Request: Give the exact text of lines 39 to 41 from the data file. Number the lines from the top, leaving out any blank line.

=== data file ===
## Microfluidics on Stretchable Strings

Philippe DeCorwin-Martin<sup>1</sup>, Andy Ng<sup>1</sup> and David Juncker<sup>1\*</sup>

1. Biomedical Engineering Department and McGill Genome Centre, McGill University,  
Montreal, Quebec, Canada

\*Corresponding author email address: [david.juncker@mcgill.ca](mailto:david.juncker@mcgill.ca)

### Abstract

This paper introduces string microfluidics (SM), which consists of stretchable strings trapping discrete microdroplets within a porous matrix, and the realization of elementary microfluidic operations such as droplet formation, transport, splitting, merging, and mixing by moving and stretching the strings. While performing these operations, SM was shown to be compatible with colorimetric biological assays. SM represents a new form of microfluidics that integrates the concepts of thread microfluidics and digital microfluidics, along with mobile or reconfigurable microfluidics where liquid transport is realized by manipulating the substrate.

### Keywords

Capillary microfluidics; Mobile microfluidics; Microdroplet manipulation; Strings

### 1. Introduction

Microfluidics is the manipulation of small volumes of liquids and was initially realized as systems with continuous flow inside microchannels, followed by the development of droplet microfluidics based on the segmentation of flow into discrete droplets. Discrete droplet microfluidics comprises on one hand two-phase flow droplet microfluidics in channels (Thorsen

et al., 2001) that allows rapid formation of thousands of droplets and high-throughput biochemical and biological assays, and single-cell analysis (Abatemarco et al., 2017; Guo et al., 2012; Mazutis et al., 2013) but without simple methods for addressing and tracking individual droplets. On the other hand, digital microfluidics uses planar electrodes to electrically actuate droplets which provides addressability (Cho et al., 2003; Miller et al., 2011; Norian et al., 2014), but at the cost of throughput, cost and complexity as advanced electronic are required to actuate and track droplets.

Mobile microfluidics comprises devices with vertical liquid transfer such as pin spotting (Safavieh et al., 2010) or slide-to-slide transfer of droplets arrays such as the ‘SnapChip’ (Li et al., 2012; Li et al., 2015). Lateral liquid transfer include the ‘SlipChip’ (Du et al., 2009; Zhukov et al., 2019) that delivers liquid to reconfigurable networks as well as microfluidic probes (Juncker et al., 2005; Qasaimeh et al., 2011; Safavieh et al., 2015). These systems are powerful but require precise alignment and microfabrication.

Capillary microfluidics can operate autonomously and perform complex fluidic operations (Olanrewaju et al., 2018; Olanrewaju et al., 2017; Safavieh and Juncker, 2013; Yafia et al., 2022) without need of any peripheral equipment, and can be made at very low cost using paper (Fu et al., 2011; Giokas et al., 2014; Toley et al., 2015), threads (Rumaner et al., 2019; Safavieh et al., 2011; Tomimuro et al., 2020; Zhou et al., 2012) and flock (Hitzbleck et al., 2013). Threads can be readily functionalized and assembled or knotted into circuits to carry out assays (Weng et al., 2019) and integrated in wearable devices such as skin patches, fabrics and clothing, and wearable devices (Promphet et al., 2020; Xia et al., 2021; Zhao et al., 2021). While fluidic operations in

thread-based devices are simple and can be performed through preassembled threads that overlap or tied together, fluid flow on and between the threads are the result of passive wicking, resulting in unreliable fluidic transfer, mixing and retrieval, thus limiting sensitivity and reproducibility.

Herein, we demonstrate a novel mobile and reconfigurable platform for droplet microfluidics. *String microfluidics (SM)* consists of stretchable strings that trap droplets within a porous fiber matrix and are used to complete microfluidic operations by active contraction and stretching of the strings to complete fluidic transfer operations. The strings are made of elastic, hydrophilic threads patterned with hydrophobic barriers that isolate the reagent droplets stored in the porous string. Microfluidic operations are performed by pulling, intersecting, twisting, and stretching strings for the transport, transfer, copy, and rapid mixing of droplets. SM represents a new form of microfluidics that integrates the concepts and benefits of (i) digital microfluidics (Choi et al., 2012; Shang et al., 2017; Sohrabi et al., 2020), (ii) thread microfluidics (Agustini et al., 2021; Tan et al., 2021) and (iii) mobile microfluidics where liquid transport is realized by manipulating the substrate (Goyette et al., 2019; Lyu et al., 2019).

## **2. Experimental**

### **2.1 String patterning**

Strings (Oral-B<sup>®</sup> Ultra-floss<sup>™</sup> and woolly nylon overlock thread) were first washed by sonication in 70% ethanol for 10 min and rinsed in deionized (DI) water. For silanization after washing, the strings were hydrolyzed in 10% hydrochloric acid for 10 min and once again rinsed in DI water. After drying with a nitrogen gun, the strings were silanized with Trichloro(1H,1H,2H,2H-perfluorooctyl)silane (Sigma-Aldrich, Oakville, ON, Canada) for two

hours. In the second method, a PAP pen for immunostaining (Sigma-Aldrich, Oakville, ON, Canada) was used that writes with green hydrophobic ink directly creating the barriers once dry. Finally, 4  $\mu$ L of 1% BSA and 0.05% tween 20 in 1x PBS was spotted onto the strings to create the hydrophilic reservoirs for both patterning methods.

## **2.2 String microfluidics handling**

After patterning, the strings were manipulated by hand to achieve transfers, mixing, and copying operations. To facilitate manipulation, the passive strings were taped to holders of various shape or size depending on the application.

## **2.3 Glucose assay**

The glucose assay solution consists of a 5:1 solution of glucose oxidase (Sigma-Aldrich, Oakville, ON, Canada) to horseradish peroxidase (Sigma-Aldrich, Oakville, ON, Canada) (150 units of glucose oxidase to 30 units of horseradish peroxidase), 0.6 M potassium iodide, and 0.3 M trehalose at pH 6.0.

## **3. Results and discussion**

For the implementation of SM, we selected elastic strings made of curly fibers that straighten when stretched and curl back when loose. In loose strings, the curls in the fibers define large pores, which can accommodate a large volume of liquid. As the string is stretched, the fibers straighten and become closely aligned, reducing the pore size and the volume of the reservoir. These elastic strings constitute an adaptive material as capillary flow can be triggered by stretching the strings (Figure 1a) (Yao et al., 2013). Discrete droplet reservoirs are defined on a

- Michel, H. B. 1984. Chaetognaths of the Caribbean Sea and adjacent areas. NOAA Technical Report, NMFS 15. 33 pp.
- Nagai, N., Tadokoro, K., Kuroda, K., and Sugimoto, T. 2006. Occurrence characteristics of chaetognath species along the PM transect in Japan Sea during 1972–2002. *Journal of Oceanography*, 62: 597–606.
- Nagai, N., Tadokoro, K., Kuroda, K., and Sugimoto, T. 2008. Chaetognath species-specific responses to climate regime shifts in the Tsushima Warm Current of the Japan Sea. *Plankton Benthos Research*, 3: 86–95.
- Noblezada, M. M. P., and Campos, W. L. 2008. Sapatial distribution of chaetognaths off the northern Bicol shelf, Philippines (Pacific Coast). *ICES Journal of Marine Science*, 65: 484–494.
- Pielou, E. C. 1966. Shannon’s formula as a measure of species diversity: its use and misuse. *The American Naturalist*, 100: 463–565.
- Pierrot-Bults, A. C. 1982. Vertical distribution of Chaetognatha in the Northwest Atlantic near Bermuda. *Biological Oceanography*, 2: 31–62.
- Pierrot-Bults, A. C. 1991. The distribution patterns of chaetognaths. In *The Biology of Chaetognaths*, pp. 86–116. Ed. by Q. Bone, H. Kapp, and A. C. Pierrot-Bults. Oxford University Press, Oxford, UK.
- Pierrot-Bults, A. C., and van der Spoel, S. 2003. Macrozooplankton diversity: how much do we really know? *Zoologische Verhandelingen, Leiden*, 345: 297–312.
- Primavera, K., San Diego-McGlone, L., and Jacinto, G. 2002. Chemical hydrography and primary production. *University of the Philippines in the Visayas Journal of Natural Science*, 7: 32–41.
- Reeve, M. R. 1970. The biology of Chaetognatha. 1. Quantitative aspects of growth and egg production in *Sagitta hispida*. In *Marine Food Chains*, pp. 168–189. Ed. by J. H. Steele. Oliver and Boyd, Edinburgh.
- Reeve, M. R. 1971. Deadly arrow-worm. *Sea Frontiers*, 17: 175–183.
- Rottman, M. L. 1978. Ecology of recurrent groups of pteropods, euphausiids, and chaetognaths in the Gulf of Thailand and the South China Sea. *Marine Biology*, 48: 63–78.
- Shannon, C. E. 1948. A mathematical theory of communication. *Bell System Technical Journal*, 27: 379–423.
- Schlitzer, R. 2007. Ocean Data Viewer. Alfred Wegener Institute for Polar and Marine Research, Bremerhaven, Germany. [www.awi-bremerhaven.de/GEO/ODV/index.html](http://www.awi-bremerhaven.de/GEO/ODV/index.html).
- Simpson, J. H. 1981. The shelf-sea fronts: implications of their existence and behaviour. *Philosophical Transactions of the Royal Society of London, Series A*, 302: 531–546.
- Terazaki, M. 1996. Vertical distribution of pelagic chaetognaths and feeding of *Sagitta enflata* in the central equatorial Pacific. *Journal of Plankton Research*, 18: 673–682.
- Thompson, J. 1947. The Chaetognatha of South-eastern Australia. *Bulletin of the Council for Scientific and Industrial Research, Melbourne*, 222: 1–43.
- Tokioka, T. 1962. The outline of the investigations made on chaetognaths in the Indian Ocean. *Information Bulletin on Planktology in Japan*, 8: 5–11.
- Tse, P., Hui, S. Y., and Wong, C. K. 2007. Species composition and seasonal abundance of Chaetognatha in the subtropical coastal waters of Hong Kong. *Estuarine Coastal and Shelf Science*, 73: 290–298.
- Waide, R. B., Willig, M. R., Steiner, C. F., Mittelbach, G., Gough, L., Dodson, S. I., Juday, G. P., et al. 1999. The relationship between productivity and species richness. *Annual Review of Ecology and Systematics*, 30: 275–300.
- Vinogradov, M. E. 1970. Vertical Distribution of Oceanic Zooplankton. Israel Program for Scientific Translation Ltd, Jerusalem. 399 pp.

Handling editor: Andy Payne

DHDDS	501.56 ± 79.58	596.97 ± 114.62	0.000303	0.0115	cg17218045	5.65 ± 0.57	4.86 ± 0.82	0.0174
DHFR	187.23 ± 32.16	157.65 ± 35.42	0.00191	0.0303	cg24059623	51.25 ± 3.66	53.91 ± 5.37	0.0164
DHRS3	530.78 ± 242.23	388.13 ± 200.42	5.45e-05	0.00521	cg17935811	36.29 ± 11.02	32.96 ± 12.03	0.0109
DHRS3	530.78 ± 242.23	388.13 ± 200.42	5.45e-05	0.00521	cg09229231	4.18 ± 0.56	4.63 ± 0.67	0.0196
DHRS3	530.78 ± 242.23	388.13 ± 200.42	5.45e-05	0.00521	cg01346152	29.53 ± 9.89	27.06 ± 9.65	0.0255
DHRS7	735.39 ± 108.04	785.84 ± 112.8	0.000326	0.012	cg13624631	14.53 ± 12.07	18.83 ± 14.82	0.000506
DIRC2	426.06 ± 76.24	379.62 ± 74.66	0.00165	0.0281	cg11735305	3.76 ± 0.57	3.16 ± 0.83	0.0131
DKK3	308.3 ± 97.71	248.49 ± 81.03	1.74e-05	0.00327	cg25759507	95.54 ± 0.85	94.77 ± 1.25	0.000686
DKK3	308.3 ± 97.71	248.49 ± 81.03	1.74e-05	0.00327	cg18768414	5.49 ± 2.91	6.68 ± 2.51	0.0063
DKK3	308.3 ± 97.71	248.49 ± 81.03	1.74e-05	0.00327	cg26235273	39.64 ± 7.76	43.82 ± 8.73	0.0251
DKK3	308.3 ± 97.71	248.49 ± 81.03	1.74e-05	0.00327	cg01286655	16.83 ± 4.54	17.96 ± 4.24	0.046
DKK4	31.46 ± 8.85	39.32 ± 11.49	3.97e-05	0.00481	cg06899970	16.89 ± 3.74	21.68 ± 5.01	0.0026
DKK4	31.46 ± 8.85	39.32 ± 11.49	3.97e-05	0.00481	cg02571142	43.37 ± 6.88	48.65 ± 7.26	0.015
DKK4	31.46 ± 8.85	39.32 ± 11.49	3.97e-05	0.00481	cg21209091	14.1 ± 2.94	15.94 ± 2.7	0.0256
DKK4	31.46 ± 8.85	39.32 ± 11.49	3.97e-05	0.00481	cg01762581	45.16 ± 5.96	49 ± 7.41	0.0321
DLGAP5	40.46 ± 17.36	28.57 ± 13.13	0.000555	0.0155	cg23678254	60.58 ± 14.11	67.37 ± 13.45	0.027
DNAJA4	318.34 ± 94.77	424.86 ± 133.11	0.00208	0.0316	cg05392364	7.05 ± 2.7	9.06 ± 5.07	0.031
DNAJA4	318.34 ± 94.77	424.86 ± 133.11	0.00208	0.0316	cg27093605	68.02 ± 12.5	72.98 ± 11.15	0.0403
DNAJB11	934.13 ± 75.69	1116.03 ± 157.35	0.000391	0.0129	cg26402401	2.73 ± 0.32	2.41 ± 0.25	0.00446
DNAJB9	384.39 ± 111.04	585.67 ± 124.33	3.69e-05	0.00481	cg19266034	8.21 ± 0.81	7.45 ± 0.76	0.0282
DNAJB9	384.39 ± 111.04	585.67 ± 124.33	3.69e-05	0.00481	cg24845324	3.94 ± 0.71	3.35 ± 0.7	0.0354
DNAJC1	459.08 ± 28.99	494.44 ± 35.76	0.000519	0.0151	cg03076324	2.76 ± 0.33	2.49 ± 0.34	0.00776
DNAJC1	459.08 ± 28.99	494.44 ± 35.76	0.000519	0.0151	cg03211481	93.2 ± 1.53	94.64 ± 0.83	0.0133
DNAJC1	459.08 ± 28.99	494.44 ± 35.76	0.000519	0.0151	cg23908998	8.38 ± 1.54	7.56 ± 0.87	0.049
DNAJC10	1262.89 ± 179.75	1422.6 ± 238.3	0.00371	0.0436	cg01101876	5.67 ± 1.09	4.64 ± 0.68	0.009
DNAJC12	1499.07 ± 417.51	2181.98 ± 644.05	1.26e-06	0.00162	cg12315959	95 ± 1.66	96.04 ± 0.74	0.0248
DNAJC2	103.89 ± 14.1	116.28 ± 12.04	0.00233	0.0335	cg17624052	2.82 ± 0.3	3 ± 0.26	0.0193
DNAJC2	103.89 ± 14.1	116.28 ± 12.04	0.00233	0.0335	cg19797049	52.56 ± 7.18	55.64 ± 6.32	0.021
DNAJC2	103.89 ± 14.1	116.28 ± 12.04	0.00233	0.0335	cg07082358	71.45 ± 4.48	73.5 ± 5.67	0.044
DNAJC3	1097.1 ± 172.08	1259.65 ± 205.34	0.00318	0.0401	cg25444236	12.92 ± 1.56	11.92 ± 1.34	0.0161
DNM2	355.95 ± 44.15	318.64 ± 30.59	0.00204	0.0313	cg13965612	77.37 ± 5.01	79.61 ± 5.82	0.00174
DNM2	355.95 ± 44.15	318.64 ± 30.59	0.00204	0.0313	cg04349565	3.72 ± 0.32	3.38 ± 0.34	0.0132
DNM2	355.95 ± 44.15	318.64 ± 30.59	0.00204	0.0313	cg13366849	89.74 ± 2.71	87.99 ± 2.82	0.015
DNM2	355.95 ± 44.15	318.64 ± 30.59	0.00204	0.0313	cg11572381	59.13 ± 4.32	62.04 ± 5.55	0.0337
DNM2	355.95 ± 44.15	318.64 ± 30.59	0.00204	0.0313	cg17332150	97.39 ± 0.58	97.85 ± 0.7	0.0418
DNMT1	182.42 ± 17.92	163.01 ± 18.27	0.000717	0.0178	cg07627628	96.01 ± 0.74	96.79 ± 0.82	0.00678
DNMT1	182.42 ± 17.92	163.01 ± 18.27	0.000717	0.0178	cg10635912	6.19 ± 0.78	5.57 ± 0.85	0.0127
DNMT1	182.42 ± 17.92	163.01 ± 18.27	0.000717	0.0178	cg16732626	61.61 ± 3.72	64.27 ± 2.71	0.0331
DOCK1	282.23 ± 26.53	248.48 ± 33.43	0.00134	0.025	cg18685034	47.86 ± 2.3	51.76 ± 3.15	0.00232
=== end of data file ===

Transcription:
- Shannon, C. E. 1948. A mathematical theory of communication. *Bell System Technical Journal*, 27: 379–423.
- Schlitzer, R. 2007. Ocean Data Viewer. Alfred Wegener Institute for Polar and Marine Research, Bremerhaven, Germany. [www.awi-bremerhaven.de/GEO/ODV/index.html](http://www.awi-bremerhaven.de/GEO/ODV/index.html).
- Simpson, J. H. 1981. The shelf-sea fronts: implications of their existence and behaviour. *Philosophical Transactions of the Royal Society of London, Series A*, 302: 531–546.